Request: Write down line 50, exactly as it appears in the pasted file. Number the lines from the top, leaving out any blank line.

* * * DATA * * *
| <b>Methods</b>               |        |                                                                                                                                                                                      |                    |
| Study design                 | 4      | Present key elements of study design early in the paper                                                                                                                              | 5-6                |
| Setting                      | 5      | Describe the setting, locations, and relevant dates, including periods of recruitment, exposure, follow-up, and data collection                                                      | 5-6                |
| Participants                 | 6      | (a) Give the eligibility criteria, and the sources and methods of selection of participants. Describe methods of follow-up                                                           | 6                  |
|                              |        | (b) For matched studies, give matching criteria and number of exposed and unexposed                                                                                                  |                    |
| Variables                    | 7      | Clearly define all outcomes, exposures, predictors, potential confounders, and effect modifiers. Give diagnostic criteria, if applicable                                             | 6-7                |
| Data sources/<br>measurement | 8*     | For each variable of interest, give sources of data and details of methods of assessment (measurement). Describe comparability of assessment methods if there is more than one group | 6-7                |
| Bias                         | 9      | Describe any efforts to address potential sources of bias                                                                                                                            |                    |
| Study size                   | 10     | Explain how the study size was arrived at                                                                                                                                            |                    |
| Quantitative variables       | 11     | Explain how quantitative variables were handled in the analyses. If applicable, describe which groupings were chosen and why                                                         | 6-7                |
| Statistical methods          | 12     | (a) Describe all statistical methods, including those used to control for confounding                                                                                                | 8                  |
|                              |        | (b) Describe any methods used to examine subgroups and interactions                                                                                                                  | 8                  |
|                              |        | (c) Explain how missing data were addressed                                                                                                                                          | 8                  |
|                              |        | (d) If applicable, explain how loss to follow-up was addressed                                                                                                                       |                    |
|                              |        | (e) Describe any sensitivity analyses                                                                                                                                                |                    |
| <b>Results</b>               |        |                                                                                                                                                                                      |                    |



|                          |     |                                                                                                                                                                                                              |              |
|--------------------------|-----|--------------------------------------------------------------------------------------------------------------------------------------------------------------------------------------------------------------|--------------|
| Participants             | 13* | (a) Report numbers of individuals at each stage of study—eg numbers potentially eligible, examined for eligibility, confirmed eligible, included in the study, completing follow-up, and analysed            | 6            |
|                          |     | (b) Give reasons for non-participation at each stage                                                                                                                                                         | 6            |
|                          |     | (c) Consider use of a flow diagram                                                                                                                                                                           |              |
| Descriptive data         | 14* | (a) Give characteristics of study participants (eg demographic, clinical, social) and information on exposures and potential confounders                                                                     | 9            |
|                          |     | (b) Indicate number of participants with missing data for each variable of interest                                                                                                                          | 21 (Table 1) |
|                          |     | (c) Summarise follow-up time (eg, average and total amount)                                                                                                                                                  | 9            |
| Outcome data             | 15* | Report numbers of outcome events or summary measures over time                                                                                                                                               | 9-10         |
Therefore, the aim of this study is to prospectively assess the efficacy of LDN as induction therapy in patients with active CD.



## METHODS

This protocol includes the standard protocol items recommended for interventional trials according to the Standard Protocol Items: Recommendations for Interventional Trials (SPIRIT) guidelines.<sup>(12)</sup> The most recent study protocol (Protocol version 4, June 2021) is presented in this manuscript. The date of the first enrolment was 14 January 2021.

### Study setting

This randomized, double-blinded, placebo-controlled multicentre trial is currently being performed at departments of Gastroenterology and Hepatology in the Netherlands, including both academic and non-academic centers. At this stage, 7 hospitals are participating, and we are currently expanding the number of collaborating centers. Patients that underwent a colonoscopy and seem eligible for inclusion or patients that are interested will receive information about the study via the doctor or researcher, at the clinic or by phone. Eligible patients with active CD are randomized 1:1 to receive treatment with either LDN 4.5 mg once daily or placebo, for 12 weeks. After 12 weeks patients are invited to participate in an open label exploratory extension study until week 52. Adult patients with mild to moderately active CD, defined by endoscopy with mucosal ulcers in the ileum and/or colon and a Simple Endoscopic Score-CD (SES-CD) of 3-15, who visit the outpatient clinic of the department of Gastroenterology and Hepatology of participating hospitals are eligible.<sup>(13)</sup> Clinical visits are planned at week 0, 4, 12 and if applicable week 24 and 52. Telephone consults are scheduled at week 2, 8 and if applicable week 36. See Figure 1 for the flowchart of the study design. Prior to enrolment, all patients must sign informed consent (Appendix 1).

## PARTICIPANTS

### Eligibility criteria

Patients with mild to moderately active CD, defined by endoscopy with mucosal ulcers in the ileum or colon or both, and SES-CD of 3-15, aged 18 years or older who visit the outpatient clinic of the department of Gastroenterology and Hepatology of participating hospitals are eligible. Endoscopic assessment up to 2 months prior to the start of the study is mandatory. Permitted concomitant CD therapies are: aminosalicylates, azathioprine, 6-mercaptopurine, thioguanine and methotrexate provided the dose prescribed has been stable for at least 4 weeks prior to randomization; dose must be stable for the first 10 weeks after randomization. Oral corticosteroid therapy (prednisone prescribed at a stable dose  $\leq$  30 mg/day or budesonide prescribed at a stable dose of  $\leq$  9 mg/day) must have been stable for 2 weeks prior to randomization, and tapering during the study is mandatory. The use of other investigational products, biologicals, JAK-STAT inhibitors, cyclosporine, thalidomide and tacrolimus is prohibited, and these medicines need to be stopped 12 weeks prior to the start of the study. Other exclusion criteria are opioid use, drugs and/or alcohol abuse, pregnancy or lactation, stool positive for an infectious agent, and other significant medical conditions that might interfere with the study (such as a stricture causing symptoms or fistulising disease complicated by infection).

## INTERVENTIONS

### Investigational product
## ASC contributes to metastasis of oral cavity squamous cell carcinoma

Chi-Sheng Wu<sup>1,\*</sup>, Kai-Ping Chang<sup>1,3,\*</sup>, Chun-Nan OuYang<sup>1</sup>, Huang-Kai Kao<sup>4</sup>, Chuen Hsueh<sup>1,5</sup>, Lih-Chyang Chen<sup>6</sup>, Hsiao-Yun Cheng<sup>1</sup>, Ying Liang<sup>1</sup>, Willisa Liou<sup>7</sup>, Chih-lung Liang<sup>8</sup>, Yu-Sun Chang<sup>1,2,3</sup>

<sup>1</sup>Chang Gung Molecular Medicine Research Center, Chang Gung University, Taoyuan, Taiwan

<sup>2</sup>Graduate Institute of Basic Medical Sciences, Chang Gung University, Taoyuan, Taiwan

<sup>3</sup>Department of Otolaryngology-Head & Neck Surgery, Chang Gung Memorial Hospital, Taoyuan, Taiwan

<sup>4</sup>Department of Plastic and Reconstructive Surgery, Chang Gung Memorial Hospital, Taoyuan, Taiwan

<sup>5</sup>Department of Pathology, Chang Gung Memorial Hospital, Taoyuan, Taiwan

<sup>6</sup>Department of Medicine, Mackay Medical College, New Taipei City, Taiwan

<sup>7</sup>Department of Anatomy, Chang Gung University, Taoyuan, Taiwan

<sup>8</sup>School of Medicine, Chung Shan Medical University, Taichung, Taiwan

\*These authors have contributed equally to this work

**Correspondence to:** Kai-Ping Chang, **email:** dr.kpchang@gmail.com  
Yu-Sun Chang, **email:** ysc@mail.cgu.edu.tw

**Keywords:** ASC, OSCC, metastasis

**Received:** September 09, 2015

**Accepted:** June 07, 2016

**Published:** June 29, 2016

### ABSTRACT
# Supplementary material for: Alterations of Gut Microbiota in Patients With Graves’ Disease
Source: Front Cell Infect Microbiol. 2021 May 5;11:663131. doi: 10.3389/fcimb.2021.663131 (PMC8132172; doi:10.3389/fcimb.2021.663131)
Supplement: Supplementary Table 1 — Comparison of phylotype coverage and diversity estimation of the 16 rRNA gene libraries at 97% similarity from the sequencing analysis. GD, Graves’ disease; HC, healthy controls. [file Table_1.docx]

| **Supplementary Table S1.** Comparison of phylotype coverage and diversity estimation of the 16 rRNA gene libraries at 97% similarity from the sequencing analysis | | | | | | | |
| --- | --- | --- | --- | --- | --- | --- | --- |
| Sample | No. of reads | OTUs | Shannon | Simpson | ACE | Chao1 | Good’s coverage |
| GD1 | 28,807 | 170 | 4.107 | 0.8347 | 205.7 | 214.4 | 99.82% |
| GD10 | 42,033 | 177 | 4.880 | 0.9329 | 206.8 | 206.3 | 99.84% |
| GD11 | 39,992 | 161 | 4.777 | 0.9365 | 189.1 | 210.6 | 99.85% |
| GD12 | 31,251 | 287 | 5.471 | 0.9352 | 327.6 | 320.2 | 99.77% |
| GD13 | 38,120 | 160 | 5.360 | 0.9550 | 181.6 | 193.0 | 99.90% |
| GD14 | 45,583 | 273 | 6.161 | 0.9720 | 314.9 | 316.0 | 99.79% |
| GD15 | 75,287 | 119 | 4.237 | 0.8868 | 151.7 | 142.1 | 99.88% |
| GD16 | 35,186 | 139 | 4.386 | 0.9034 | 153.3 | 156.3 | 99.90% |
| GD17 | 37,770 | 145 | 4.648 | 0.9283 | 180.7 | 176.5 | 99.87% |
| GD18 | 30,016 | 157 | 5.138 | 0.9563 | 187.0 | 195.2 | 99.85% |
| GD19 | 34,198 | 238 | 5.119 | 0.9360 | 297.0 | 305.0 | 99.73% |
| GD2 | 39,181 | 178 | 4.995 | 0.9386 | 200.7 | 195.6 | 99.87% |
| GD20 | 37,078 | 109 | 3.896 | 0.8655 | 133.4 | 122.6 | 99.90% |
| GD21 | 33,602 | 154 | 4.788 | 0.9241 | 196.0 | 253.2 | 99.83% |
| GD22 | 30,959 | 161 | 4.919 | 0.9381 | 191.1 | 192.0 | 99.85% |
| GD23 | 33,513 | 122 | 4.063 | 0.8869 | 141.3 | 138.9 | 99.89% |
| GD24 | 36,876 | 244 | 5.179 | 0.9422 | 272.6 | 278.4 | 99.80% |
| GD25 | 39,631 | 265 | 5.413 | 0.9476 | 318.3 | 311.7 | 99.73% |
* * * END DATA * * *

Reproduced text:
**Received:** September 09, 2015